I think you are not putting enough stress on DNA and Genes my friend. You said several times that we are over stressing how genes play a role in all of it... But your genes are in your DNA and everything in your body is created by DNA... DNA is your genes, and you brain and other organs, which are created by your DNA.. So really everything is conected and relies on each other. So I dont see you can say your chemical balance in your brain is not related to your genes, because clearly organs and other cells create these chemicals anyway at certian times and only behave because your DNA has mapped it out for the hormones to be released at certain times..


Therefore someone that may be deficient in releasing hormone x, at time period T, may be more suseptible to do something illogical, then a person who has the right ammount of hormone x at the right time period.
The body and its proteins are coded for by genes. The brain is made up of cells built by genes, however the brain is severly sculpted by the environment even before the infant is born, and even more by experience. If you are familiar with the concept of neuroplasticity, you will know that the nervous system is not as rigidly and strictly controled by genes as say, the liver. Otherwise humans would be incapable of learning, memory and cognition.


Quote:
We still haven't figured out how all our genes work and how they intriquitly connect everything.
Infact there are many many years of reasearch ahead until we can be sure of all of this..



anyway this interesting!!! tell me more
That I agree with.
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Old 05-06-2005, 12:47 AM   #64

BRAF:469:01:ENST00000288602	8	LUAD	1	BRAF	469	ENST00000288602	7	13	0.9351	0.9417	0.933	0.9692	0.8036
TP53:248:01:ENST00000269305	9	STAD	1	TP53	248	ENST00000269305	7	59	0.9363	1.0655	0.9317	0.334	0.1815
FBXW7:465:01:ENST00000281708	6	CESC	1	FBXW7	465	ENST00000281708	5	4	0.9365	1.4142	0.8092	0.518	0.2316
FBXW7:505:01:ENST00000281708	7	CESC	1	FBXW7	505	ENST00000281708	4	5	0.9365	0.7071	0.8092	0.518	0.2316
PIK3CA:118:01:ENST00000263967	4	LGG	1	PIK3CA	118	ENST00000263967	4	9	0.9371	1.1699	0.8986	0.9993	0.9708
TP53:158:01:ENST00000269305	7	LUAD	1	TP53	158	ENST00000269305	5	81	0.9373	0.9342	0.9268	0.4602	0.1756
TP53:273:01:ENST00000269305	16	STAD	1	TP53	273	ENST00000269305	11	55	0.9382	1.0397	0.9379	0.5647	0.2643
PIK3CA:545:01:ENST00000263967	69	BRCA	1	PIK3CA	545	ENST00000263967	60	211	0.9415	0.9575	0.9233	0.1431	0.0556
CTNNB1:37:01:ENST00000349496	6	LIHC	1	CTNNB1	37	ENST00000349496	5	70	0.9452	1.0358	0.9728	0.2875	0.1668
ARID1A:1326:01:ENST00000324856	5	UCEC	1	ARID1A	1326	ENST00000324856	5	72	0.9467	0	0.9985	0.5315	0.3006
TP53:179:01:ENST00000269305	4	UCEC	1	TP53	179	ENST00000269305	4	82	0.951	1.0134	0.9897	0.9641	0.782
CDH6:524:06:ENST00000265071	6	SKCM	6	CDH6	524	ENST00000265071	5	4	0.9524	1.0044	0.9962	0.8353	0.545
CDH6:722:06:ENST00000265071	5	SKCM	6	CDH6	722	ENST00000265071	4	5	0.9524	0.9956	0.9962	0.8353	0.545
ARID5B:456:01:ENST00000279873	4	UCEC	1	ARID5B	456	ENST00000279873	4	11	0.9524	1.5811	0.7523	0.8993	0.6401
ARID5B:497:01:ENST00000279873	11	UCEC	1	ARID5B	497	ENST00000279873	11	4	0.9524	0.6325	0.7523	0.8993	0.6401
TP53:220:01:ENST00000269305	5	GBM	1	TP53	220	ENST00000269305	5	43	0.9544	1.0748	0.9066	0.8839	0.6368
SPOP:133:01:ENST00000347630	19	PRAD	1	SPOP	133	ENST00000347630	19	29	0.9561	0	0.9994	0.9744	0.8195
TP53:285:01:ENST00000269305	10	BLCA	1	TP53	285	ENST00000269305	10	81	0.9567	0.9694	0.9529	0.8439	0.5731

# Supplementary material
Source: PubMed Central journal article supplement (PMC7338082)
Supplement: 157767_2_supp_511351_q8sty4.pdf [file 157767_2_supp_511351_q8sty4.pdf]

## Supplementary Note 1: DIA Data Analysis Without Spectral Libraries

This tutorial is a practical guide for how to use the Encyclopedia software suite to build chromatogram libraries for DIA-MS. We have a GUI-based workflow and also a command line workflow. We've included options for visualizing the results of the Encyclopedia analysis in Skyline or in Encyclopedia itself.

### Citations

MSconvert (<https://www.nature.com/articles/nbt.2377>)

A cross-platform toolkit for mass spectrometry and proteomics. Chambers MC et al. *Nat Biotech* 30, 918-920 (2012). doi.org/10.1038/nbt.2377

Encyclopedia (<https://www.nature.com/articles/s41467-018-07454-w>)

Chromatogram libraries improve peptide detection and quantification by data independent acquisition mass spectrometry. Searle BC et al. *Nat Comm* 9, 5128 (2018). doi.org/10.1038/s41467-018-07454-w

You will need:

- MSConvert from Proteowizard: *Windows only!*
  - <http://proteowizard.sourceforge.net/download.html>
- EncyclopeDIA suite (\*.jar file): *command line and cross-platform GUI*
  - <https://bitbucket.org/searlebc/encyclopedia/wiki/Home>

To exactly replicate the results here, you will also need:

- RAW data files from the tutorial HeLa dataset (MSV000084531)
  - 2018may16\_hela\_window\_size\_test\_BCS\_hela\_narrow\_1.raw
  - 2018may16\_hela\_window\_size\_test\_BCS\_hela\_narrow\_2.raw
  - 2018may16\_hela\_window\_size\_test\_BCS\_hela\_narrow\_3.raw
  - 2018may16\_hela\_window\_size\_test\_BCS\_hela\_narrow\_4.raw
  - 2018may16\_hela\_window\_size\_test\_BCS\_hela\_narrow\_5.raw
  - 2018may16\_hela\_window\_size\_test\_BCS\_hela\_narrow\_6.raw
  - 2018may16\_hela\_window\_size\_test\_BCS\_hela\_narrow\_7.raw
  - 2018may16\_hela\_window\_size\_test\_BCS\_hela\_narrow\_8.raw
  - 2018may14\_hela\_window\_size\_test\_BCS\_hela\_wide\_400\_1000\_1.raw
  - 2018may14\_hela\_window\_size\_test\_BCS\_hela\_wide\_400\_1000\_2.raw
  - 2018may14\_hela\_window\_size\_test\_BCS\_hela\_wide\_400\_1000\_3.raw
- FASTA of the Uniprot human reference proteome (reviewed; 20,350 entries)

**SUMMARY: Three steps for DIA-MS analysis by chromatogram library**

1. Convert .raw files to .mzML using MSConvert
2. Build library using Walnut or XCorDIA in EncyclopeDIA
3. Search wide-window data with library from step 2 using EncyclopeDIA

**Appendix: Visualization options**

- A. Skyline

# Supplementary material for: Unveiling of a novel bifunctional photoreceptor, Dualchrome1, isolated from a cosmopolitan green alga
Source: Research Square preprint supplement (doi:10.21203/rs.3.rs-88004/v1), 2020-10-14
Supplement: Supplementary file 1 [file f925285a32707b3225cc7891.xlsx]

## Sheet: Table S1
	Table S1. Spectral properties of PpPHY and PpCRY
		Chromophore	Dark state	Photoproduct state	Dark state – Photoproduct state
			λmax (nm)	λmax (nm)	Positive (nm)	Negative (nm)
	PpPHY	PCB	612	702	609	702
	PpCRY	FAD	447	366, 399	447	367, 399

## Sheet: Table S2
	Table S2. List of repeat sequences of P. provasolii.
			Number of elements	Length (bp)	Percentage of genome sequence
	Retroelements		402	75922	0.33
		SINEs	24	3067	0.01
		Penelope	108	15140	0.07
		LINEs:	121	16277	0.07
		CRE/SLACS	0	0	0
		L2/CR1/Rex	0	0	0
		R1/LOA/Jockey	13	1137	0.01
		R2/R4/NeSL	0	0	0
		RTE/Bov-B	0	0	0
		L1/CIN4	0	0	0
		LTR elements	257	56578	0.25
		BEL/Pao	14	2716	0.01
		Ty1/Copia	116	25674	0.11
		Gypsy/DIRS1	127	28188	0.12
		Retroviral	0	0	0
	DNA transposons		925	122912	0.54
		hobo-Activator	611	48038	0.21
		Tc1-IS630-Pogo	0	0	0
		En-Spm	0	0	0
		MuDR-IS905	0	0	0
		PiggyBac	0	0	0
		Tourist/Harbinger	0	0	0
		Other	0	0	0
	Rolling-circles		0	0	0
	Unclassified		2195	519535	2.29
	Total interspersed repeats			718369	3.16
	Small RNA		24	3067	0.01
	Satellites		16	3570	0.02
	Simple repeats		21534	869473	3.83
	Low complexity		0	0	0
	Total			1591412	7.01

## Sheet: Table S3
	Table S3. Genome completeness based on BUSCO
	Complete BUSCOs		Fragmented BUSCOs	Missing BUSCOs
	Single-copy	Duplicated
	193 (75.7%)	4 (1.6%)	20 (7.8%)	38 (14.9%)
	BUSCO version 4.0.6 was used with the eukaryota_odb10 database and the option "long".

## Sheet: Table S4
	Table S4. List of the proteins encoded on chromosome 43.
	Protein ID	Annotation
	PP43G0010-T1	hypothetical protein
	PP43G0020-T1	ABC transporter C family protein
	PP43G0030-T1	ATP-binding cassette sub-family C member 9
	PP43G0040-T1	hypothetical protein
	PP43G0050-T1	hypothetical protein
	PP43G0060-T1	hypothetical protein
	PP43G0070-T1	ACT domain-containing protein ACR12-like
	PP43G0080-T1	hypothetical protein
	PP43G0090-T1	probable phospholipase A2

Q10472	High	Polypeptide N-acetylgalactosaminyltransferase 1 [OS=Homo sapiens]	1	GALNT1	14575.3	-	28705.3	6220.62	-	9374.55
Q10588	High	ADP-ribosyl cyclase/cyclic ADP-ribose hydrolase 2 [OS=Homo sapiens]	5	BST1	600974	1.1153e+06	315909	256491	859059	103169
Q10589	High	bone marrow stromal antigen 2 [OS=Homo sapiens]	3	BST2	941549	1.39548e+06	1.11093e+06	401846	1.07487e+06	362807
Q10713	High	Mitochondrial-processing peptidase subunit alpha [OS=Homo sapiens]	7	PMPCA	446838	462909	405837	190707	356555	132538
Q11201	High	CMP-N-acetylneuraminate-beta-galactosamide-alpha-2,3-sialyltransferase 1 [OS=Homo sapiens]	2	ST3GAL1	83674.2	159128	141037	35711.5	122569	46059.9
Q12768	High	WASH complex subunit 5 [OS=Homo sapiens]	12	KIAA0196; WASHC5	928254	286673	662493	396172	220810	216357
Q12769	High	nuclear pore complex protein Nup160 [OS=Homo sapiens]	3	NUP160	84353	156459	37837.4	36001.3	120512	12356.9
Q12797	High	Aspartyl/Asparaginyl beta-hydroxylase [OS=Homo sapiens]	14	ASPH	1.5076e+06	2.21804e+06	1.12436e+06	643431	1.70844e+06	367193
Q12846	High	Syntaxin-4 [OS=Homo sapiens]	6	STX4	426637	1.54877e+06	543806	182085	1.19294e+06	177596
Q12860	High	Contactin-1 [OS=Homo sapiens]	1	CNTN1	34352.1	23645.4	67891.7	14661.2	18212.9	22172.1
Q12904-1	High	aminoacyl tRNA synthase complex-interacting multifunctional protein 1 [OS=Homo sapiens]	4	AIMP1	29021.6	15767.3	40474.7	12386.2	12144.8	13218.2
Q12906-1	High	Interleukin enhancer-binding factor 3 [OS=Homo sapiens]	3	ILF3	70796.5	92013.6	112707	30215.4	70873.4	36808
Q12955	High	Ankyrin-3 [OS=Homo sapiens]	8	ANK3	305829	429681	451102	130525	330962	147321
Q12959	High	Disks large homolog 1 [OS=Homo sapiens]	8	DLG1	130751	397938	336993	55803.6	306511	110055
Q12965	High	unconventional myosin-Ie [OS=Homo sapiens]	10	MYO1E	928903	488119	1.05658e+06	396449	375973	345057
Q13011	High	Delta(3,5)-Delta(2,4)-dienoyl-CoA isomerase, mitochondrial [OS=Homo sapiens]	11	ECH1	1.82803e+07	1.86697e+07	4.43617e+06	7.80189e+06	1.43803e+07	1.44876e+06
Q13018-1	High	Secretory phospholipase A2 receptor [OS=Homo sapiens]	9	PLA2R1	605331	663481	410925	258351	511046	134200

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I'm going to be at a lab tomorrow with an evolutionary psychologists studying the genetics of ADHD. I'll ask if suicide is a genetic trait

Good night.
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Old 05-06-2005, 11:27 AM   #65
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At least 80% of personality is determined by non genetic factors. <- that's the point.


bah, but that still means that 20% of your personality is determined by genetic factors. Thats a large percentage if you think about how it will end up shaping who you become. That was my point!! Does this make sense?



I cannot disprove the rest of your arguments, infact I agree with them, its just new material that Ive never read before so I have difficulty believing it all/comprehending it all. I am not any more educated on the subject at hand. All Ive got is grade 12 biology under my belt, and by the looks of it, youve taken some pretty serious courses in psychology, and biology. Maybe we can have this discussion in a year from now when Ive become more educated on the subject at hand.
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Old 05-06-2005, 12:56 PM   #66
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Quote:
Originally Posted by sirex
At least 80% of personality is determined by non genetic factors. <- that's the point.


bah, but that still means that 20% of your personality is determined by genetic factors. Thats a large percentage if you think about how it will end up shaping who you become. That was my point!! Does this make sense?



I cannot disprove the rest of your arguments, infact I agree with them, its just new material that Ive never read before so I have difficulty believing it all/comprehending it all. I am not any more educated on the subject at hand. All Ive got is grade 12 biology under my belt, and by the looks of it, youve taken some pretty serious courses in psychology, and biology. Maybe we can have this discussion in a year from now when Ive become more educated on the subject at hand.

Just grade 12 Bio??? I'm very impressed. Your explanation of evolution with the example of hairy vs non hairy people was great.
Anyhow, I really enjoyed (am still enjoying) this discussion, it was very educational.
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Old 05-06-2005, 06:54 PM   #67
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^^ I think thats the one i deleted.